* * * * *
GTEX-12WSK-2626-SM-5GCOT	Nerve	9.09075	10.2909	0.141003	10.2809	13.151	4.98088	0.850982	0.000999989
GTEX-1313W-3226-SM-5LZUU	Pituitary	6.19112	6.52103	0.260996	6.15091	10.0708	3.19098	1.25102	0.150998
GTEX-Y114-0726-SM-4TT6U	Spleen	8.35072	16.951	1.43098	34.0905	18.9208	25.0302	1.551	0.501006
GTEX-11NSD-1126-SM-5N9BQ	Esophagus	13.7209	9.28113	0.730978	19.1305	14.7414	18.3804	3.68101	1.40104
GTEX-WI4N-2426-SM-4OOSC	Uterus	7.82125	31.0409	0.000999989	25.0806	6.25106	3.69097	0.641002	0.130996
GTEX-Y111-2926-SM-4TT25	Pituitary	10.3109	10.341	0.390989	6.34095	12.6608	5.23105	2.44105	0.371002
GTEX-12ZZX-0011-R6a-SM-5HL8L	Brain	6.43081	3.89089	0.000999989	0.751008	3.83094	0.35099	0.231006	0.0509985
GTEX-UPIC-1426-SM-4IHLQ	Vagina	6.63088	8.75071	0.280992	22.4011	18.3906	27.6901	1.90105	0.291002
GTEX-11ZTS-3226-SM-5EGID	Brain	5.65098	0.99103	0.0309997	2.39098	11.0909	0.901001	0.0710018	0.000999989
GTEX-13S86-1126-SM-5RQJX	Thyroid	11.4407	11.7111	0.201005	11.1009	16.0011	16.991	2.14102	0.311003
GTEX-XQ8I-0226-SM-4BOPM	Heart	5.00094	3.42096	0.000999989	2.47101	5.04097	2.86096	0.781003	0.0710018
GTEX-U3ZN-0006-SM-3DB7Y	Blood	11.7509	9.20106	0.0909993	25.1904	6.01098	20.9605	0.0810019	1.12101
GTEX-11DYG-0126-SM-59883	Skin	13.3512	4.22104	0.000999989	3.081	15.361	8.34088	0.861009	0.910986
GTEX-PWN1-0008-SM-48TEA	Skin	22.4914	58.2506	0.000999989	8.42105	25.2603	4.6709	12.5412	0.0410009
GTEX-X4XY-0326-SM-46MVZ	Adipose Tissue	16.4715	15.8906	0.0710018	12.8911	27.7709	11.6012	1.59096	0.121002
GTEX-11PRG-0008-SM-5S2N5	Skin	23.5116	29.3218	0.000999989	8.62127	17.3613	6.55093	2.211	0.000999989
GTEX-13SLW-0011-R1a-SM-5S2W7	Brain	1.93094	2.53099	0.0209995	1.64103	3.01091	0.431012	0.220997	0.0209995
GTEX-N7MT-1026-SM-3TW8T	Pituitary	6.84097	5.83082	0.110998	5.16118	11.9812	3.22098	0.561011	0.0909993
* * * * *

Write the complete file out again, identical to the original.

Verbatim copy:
GTEX-12WSK-2626-SM-5GCOT	Nerve	9.09075	10.2909	0.141003	10.2809	13.151	4.98088	0.850982	0.000999989
GTEX-1313W-3226-SM-5LZUU	Pituitary	6.19112	6.52103	0.260996	6.15091	10.0708	3.19098	1.25102	0.150998
GTEX-Y114-0726-SM-4TT6U	Spleen	8.35072	16.951	1.43098	34.0905	18.9208	25.0302	1.551	0.501006
GTEX-11NSD-1126-SM-5N9BQ	Esophagus	13.7209	9.28113	0.730978	19.1305	14.7414	18.3804	3.68101	1.40104
GTEX-WI4N-2426-SM-4OOSC	Uterus	7.82125	31.0409	0.000999989	25.0806	6.25106	3.69097	0.641002	0.130996
GTEX-Y111-2926-SM-4TT25	Pituitary	10.3109	10.341	0.390989	6.34095	12.6608	5.23105	2.44105	0.371002
GTEX-12ZZX-0011-R6a-SM-5HL8L	Brain	6.43081	3.89089	0.000999989	0.751008	3.83094	0.35099	0.231006	0.0509985
GTEX-UPIC-1426-SM-4IHLQ	Vagina	6.63088	8.75071	0.280992	22.4011	18.3906	27.6901	1.90105	0.291002
GTEX-11ZTS-3226-SM-5EGID	Brain	5.65098	0.99103	0.0309997	2.39098	11.0909	0.901001	0.0710018	0.000999989
GTEX-13S86-1126-SM-5RQJX	Thyroid	11.4407	11.7111	0.201005	11.1009	16.0011	16.991	2.14102	0.311003
GTEX-XQ8I-0226-SM-4BOPM	Heart	5.00094	3.42096	0.000999989	2.47101	5.04097	2.86096	0.781003	0.0710018
GTEX-U3ZN-0006-SM-3DB7Y	Blood	11.7509	9.20106	0.0909993	25.1904	6.01098	20.9605	0.0810019	1.12101
GTEX-11DYG-0126-SM-59883	Skin	13.3512	4.22104	0.000999989	3.081	15.361	8.34088	0.861009	0.910986
GTEX-PWN1-0008-SM-48TEA	Skin	22.4914	58.2506	0.000999989	8.42105	25.2603	4.6709	12.5412	0.0410009
GTEX-X4XY-0326-SM-46MVZ	Adipose Tissue	16.4715	15.8906	0.0710018	12.8911	27.7709	11.6012	1.59096	0.121002
GTEX-11PRG-0008-SM-5S2N5	Skin	23.5116	29.3218	0.000999989	8.62127	17.3613	6.55093	2.211	0.000999989
GTEX-13SLW-0011-R1a-SM-5S2W7	Brain	1.93094	2.53099	0.0209995	1.64103	3.01091	0.431012	0.220997	0.0209995
GTEX-N7MT-1026-SM-3TW8T	Pituitary	6.84097	5.83082	0.110998	5.16118	11.9812	3.22098	0.561011	0.0909993